New research explores how young adults (aged 20-29) are on an uncertain journey of work and money, and how they need to adopt a more “do it yourself” approach to preparing for retirement in a rapidly changing world.
The New Social Contract: Young adults reinventing life, work, and retirement explores the different attitudes and challenges young adults have with retirement and how they will shape the future of retirement systems.
The report is based on findings from the 9th annual global Aegon Retirement Readiness Survey, which spans 15 countries in the Americas, Europe, Asia, and Australia. This is a collaboration among Aegon Center for Longevity and Retirement and nonprofits Transamerica Center for Retirement Studies and Instituto Longevidade Mongeral Aegon. The survey was conducted during January and February 2020 at the onset of the pandemic.
Key findings of the report
Young adult retirement expert Njani Ruetsch says: "For some of us, the conventional idea of one day stopping work altogether is disappearing. We are on a different journey through life, with more career breaks, sabbaticals, time to travel and a combination of short- and long-term savings goals. Stand-alone pension products designed around the concept of a job-for-life are irrelevant because our lives are anything but linear."
"For some of us, the conventional idea of one day stopping work altogether is disappearing. We are on a different journey through life, with more career breaks, sabbaticals, time to travel and a combination of short- and long-term savings goals."
Young adults juggle a variety of life priorities, with "enjoying life", "my career" and "planning for my financial future" on a shared #1 spot (53 percent). Considering their competing priorities, it is encouraging to see that almost a third (32 percent) of young adult workers are "habitual savers" who say they always make sure they are saving for retirement.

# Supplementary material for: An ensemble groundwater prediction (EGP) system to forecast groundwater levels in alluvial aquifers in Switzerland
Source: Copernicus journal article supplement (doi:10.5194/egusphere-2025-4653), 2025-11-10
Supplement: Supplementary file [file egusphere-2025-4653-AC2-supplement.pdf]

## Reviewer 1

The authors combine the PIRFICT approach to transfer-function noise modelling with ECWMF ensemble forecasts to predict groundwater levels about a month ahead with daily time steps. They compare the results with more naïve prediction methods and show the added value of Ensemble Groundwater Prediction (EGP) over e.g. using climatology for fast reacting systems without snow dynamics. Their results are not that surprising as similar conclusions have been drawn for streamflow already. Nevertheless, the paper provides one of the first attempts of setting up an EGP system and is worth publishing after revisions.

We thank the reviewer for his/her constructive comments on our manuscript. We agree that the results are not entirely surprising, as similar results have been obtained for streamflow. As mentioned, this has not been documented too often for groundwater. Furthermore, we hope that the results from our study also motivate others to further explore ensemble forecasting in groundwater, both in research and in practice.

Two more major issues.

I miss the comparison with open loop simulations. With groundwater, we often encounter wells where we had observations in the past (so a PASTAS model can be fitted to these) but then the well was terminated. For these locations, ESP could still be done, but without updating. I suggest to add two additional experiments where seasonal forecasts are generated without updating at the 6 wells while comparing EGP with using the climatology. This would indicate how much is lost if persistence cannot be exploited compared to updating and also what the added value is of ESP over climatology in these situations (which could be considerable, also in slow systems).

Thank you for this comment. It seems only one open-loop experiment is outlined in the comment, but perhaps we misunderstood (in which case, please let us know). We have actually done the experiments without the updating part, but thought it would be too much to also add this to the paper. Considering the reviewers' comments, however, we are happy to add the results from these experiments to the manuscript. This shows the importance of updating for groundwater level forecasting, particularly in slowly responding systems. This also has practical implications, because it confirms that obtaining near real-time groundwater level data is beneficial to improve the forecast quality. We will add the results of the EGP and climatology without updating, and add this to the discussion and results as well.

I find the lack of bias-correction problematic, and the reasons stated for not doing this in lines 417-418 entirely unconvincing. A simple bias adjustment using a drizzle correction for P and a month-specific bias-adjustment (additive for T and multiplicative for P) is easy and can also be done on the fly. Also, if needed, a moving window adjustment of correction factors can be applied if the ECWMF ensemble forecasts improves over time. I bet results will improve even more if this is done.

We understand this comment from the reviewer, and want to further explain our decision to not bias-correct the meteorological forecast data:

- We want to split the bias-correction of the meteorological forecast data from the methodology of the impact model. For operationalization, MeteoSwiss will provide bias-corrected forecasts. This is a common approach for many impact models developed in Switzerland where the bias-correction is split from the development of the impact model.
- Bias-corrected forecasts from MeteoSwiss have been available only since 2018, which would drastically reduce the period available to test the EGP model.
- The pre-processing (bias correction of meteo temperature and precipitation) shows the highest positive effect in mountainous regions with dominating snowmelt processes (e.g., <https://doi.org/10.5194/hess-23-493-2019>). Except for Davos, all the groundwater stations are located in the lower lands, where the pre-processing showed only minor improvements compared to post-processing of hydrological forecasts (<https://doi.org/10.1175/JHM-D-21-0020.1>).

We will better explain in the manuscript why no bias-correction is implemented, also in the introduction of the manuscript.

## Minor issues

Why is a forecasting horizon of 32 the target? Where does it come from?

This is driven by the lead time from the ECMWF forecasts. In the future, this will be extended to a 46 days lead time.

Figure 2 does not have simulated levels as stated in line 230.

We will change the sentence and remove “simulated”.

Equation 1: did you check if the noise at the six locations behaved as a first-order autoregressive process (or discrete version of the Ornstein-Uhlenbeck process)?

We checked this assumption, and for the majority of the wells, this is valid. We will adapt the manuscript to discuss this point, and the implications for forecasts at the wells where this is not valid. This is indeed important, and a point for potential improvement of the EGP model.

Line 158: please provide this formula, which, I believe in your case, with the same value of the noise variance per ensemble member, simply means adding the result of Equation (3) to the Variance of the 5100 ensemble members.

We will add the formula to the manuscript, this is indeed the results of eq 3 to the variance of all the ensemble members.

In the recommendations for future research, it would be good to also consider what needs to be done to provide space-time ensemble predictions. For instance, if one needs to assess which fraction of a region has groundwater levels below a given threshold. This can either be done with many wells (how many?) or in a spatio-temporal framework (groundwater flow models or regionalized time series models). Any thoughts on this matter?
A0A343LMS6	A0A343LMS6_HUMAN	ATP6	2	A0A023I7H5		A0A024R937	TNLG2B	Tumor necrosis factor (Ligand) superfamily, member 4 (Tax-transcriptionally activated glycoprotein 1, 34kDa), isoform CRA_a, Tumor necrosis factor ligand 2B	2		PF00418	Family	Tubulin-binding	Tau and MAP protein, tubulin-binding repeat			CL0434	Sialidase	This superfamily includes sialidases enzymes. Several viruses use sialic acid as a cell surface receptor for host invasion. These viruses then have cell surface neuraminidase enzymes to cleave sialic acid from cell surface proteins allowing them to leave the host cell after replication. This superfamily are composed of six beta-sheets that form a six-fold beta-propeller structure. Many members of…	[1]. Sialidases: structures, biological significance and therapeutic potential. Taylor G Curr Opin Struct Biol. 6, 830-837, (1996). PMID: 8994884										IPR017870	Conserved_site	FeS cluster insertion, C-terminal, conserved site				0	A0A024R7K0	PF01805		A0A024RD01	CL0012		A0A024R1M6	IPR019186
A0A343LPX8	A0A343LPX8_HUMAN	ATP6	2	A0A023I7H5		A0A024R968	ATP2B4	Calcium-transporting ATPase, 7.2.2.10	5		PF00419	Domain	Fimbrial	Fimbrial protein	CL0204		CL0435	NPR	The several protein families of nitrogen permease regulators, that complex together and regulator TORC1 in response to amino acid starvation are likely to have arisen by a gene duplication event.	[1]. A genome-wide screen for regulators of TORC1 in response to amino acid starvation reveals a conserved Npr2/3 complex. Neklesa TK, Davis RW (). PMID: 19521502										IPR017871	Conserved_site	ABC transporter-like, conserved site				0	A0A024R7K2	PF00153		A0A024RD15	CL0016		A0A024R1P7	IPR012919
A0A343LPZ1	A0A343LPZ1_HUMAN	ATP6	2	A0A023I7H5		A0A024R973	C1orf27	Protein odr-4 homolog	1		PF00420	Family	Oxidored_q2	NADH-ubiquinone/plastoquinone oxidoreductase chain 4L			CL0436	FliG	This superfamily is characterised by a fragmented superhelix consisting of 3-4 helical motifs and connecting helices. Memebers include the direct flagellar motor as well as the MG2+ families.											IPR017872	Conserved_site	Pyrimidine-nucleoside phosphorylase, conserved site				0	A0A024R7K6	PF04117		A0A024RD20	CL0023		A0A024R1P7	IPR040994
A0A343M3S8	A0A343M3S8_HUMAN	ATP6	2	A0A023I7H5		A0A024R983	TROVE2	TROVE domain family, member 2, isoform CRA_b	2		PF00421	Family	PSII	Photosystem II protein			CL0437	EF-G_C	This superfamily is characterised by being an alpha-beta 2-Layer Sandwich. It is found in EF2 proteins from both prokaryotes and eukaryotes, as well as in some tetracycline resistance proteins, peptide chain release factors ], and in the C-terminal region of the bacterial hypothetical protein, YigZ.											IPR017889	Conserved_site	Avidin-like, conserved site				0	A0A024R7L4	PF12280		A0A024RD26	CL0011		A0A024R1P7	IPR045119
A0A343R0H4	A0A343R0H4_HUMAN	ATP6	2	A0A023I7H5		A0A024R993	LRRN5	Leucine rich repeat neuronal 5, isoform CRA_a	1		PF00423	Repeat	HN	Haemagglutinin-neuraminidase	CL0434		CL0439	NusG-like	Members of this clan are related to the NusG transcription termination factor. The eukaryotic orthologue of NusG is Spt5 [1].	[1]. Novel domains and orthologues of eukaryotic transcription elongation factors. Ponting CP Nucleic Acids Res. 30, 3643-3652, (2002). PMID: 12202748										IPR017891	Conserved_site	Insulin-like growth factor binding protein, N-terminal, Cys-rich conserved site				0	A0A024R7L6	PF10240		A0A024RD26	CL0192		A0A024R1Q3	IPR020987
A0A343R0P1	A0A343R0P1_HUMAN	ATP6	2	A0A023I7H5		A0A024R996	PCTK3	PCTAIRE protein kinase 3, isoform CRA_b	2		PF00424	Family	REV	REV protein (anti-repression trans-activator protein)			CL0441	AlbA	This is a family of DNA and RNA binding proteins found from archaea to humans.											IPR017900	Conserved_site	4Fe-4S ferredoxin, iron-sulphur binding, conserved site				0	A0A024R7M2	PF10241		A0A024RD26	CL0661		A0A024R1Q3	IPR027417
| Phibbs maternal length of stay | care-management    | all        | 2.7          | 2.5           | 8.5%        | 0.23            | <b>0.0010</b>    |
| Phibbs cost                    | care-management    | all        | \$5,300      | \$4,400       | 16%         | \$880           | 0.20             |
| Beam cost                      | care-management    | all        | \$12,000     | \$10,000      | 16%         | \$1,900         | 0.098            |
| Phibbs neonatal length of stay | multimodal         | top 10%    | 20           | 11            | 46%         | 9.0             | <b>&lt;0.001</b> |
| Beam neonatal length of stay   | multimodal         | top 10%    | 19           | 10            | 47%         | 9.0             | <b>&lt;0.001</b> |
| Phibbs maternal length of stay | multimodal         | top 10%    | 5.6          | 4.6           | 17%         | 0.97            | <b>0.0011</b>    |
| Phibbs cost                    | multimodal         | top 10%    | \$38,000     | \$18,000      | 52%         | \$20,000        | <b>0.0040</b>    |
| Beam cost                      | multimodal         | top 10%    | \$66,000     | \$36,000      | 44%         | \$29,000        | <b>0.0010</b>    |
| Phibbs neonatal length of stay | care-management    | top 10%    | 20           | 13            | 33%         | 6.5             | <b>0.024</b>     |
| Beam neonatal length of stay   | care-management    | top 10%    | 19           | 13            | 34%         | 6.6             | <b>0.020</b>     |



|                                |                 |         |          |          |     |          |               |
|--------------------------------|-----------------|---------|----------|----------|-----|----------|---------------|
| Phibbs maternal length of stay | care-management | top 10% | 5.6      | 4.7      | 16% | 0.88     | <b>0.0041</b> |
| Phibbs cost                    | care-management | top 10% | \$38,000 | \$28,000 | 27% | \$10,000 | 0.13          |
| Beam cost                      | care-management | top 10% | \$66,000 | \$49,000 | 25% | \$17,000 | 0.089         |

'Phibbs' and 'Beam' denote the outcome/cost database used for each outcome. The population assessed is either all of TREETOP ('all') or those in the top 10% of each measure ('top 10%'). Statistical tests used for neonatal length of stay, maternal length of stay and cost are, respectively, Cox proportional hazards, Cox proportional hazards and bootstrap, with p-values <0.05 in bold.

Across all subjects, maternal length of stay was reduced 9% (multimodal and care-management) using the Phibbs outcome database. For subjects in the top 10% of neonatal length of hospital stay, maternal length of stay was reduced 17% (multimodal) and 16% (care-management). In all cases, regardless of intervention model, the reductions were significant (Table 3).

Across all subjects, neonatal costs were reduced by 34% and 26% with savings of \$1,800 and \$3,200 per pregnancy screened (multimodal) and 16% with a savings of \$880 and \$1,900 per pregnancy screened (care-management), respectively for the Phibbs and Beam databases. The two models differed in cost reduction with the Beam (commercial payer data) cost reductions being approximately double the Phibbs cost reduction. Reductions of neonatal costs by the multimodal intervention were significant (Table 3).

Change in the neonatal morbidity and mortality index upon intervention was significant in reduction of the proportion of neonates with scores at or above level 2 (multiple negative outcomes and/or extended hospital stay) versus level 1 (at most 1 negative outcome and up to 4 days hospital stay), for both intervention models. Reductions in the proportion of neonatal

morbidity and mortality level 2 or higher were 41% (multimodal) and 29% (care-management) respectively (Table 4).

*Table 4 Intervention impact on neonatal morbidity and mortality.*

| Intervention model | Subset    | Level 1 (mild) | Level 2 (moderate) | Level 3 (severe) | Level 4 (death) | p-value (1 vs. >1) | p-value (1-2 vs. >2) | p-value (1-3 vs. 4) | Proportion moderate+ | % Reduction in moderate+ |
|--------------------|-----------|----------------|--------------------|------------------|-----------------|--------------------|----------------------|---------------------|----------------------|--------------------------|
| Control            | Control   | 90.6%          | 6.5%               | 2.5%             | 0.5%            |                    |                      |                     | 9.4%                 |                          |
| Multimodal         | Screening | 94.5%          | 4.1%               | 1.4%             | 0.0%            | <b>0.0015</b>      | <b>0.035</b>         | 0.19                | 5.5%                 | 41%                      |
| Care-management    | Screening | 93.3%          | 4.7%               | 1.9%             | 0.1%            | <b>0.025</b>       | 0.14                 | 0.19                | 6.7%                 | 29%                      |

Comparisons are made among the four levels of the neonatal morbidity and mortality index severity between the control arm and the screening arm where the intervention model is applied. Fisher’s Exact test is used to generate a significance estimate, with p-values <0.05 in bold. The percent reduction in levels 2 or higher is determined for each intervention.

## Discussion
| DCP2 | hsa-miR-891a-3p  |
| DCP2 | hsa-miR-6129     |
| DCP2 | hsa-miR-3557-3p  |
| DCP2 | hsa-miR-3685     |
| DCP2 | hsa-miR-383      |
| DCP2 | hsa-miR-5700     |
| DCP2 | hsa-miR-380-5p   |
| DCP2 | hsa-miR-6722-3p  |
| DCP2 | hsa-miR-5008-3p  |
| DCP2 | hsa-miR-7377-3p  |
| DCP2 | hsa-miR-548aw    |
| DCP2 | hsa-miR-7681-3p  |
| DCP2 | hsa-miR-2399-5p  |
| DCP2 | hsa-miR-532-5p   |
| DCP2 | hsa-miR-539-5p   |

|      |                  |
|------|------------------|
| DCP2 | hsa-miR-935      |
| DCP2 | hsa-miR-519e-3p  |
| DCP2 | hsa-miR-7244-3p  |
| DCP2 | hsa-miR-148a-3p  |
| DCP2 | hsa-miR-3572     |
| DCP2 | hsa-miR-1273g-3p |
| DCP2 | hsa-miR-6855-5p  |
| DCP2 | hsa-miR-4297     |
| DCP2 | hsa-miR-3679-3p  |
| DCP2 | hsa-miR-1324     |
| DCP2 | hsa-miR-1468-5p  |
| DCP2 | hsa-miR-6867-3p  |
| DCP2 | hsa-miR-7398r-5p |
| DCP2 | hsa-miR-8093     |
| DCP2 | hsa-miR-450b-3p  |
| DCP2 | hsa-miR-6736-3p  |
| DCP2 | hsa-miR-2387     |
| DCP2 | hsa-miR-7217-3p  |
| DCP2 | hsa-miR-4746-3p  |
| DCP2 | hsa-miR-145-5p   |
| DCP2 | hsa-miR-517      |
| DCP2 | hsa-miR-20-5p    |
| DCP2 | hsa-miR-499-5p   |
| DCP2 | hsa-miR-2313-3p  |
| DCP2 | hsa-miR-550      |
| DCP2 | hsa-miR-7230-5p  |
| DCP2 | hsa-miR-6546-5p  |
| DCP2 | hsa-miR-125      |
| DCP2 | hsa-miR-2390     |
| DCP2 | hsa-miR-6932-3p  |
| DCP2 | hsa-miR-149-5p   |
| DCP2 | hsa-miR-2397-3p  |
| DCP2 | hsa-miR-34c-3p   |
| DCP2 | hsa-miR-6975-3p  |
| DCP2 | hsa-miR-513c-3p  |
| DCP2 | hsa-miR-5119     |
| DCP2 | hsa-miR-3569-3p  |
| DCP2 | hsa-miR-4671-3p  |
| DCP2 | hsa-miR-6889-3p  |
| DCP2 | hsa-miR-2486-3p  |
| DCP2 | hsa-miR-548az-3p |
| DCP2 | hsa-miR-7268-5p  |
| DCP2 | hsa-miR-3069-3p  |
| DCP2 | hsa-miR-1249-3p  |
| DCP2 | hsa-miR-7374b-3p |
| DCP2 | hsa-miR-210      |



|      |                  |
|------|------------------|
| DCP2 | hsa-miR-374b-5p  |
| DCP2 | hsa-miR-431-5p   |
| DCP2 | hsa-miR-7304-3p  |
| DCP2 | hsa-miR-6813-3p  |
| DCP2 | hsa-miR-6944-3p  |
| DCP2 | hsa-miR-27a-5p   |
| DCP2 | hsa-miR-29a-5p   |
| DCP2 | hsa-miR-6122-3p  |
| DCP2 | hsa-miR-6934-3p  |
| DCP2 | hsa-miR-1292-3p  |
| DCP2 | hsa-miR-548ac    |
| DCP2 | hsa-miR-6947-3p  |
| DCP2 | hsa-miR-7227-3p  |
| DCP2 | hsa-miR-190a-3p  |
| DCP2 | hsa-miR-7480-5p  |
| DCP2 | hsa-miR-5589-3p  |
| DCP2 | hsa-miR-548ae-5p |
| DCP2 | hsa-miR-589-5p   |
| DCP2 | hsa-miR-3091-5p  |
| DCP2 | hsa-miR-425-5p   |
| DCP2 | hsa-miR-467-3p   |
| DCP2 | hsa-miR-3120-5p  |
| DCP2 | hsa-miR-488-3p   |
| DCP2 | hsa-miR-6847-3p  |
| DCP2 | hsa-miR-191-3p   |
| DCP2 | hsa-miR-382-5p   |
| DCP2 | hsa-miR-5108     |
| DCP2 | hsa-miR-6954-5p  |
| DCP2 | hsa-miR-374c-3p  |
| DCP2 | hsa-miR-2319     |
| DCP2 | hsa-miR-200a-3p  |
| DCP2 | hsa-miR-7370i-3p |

Unconventional route to retire
Only 20 percent of young adults say they are on course to achieve their retirement income. Their retirement preparations are increasingly becoming a mix between conventional and unconventional means as is reflected in their expected sources of retirement income and how they are saving for retirement.
Retirement income generally comes from three broad sources - the government (through social security), an employer (through workplace retirement plans), and an individual's own savings and investments. Young adults expect the same proportion of their retirement income to come from their own savings and investments (36 percent) as from the government. Concerns about the future funding and sustainability of social security programs should not be an extra burden for younger people whose retirement may be several decades in the future.
Globally, the most cited method for young adult workers to save for retirement is putting money aside in savings accounts (31 percent). This compares with just 22 percent who are saving in private pension/IRA and 18 percent who hold investments such as stocks, bonds, mutual funds, etc. Regarding employer-sponsored retirement benefits, only 18 percent of young adults are saving in a company-funded defined benefit plan and 15 percent are saving in an employee-funded defined contribution plan.
Ruetsch: "Emerging trends like FIRE (Financial Independence, Retire Early) and the rising number of blogs or podcasts focusing on investing and budgeting, offer a lot of easy to digest content on finance and investing. Even though we have so much information, we shouldn't have to fully fund our retirement on our own. We need help from employers and governments to make sure we have the same benefits that previous generations had, whether that's through smart private saving or understanding the advantages of employer-sponsored retirement plans".
This poses serious challenges as well as opportunities for policymakers, employers, and the retirement industry, as many young adults are not yet saving for retirement – and many are missing out on starting to save early or advantages of employer-sponsored retirement plans, such as tax incentives and the compounding effects on investment growth over time.
The New Social Contract: Young adults reinventing life, work, and retirement contains in-depth analysis, country comparisons, detailed recommendations and comparisons between young adults and workers of all ages across 15 countries. It is based on findings from the 9th Annual Aegon Retirement Readiness survey series calling for a new social contract.
This report builds on the previous editions of The New Social Contract series.